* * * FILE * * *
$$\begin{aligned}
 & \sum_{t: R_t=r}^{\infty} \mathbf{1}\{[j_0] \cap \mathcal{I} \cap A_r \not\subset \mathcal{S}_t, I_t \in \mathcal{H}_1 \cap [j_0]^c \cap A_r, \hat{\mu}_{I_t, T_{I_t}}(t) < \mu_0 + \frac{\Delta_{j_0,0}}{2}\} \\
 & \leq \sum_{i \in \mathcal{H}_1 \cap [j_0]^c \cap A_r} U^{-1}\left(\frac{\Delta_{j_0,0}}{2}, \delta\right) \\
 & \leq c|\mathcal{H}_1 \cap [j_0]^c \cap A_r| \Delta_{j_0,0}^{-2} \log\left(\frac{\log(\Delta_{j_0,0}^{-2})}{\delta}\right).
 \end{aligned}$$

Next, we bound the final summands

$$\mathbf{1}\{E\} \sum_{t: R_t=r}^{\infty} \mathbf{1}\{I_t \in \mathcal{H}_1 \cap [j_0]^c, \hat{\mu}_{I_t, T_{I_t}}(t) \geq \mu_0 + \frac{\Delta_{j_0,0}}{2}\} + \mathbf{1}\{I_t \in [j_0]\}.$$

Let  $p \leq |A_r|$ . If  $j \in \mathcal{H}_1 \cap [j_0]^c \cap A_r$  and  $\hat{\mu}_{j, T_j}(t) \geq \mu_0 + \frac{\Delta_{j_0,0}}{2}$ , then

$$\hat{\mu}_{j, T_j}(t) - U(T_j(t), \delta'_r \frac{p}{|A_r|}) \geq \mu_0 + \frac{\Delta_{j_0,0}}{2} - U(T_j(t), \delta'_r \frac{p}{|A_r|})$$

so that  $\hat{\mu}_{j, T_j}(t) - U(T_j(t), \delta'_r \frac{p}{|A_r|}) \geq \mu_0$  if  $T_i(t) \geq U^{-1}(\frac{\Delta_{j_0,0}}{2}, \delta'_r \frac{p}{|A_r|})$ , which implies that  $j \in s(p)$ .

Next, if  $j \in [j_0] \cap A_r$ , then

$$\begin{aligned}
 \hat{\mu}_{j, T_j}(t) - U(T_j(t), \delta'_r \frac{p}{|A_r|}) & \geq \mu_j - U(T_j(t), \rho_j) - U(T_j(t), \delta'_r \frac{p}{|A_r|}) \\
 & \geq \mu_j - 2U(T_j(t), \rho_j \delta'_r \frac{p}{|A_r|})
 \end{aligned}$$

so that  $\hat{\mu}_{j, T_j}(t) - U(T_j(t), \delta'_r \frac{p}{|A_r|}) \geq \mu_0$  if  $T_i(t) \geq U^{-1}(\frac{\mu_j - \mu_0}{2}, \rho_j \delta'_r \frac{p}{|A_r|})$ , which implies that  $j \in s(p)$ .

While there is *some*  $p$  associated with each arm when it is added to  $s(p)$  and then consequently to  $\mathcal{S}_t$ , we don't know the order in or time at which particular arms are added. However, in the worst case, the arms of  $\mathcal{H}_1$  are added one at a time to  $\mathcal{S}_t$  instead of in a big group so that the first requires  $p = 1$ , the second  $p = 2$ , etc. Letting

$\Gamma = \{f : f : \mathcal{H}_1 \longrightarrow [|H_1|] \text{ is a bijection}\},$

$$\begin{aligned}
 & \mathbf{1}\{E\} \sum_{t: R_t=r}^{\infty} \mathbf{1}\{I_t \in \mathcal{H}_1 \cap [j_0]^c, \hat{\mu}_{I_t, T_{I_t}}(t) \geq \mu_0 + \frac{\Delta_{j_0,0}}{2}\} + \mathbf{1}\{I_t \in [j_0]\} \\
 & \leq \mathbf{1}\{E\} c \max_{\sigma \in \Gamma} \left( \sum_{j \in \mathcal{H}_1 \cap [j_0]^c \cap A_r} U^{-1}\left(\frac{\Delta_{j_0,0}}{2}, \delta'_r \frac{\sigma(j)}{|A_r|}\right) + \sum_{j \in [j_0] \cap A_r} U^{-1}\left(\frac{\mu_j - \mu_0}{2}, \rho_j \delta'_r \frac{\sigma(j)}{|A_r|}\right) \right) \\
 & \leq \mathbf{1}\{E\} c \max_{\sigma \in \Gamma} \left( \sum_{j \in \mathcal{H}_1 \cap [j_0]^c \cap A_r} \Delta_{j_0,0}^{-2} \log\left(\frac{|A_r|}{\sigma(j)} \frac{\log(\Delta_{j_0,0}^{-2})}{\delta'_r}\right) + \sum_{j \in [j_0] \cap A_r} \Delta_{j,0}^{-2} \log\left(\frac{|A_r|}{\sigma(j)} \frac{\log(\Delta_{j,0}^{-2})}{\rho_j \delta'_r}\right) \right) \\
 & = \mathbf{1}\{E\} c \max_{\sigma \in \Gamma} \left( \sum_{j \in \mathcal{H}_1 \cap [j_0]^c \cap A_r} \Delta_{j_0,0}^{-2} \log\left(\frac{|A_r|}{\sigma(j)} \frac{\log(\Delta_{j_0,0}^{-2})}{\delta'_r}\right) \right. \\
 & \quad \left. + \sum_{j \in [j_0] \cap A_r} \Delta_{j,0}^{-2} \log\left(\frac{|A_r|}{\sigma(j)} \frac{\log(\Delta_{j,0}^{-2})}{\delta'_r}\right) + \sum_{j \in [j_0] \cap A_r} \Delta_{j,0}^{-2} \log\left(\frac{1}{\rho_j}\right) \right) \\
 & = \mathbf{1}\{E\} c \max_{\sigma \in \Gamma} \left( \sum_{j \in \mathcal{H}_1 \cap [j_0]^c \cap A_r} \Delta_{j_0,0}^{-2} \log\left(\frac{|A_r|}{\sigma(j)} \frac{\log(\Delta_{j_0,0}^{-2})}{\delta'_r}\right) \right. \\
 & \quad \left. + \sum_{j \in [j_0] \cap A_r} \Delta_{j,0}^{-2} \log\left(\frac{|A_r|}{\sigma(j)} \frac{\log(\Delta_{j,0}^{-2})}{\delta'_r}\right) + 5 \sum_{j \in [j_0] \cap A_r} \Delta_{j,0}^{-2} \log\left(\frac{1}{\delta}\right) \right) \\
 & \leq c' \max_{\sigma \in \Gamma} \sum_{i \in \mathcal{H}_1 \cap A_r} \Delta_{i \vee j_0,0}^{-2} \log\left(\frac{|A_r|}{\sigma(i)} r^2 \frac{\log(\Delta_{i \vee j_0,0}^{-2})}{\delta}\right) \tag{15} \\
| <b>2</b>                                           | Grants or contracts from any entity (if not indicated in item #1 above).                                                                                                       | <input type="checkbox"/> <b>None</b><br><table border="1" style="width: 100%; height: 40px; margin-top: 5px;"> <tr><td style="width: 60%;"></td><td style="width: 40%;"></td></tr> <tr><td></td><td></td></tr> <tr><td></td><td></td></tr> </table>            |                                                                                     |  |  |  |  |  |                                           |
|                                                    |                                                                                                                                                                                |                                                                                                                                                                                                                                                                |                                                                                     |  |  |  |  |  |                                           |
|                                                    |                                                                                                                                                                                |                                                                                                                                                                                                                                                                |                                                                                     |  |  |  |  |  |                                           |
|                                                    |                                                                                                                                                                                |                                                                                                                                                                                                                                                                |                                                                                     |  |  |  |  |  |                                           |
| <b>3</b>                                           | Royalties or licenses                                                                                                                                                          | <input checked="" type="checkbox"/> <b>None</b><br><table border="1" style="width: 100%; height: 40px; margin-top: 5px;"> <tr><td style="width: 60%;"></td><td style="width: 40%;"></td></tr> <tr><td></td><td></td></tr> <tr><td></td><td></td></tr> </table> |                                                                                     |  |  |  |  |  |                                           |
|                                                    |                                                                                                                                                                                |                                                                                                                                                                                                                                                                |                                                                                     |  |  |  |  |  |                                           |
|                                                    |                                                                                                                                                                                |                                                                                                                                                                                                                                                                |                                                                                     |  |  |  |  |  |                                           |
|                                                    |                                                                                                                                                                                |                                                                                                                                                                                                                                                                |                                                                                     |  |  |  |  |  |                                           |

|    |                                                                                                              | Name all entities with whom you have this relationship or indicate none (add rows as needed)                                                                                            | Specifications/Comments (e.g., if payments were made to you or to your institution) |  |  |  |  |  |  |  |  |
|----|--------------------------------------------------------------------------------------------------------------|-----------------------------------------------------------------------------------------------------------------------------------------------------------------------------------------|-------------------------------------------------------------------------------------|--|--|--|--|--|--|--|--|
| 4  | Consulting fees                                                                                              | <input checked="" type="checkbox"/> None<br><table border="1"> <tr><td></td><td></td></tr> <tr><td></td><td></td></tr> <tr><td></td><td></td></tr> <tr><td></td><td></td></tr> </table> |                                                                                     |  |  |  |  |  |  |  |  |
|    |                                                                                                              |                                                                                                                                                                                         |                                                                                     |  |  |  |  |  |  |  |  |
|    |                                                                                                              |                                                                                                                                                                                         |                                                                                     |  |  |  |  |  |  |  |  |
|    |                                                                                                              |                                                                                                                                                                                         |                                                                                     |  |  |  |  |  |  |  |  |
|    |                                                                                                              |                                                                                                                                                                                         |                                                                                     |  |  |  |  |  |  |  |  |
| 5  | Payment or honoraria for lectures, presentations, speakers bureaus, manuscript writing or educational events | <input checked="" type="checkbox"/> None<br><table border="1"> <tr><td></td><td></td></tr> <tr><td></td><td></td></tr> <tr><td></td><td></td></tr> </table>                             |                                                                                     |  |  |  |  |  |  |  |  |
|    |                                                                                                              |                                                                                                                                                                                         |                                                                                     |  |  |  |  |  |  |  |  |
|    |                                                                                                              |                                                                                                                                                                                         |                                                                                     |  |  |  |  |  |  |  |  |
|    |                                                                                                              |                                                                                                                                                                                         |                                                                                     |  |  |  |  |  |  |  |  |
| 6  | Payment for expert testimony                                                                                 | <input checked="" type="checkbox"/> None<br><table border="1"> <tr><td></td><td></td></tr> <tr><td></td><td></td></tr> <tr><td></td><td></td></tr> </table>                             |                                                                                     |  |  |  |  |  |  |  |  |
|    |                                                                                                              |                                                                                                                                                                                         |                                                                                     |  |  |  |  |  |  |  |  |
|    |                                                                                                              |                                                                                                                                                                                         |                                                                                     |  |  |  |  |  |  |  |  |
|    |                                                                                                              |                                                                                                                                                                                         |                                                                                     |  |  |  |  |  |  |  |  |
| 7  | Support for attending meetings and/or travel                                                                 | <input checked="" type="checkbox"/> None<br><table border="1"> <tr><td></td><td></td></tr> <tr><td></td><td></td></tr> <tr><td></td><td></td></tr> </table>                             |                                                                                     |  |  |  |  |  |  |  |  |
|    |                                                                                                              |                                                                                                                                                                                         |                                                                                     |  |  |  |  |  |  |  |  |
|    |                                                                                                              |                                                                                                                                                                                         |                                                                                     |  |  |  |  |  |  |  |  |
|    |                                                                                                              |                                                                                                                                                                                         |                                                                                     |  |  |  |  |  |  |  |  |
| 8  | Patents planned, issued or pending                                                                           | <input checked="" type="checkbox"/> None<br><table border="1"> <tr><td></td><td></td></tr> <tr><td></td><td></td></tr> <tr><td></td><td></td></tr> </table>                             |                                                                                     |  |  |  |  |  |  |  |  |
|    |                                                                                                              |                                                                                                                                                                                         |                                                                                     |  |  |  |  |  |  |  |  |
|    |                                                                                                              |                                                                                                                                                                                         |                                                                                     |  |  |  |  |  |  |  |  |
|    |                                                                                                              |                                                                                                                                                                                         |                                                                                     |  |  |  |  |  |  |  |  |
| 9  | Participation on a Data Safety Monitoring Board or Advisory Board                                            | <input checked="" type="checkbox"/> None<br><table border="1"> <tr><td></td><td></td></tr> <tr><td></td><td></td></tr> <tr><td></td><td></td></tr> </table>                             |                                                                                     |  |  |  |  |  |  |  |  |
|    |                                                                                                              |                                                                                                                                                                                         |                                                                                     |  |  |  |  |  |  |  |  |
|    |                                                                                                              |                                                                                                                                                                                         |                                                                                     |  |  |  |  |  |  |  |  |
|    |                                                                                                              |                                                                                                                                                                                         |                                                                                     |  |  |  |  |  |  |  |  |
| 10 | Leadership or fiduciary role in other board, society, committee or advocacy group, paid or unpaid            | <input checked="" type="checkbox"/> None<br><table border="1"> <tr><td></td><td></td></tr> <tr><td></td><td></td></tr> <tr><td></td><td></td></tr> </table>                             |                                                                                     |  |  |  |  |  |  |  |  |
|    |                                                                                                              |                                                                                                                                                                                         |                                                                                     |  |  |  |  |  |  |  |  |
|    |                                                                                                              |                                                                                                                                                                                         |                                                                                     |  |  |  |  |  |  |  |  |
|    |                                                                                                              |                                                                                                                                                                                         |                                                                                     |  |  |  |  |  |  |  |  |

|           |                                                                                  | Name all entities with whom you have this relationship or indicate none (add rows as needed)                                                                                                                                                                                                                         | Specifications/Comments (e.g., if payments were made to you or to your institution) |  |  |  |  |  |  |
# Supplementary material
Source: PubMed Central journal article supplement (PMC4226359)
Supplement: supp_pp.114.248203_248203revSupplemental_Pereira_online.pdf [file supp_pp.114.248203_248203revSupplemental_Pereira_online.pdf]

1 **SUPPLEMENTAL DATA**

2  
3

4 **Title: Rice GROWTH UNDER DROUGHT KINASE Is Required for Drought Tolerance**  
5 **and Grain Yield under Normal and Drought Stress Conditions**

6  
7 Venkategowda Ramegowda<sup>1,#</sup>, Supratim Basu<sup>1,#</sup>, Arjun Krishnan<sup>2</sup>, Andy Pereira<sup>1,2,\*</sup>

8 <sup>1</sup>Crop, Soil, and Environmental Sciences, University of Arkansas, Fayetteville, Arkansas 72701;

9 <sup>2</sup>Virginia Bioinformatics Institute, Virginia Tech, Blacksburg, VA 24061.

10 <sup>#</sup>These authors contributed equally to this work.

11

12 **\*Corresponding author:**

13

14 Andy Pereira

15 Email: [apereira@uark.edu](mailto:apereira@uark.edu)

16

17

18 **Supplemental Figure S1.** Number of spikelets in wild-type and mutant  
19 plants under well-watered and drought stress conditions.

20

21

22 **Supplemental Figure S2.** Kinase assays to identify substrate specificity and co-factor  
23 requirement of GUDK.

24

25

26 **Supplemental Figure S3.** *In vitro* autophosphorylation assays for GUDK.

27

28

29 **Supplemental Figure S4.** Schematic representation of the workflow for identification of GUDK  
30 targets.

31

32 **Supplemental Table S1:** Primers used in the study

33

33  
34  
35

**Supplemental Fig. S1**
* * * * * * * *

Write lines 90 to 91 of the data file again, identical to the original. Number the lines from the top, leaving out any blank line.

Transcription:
20

21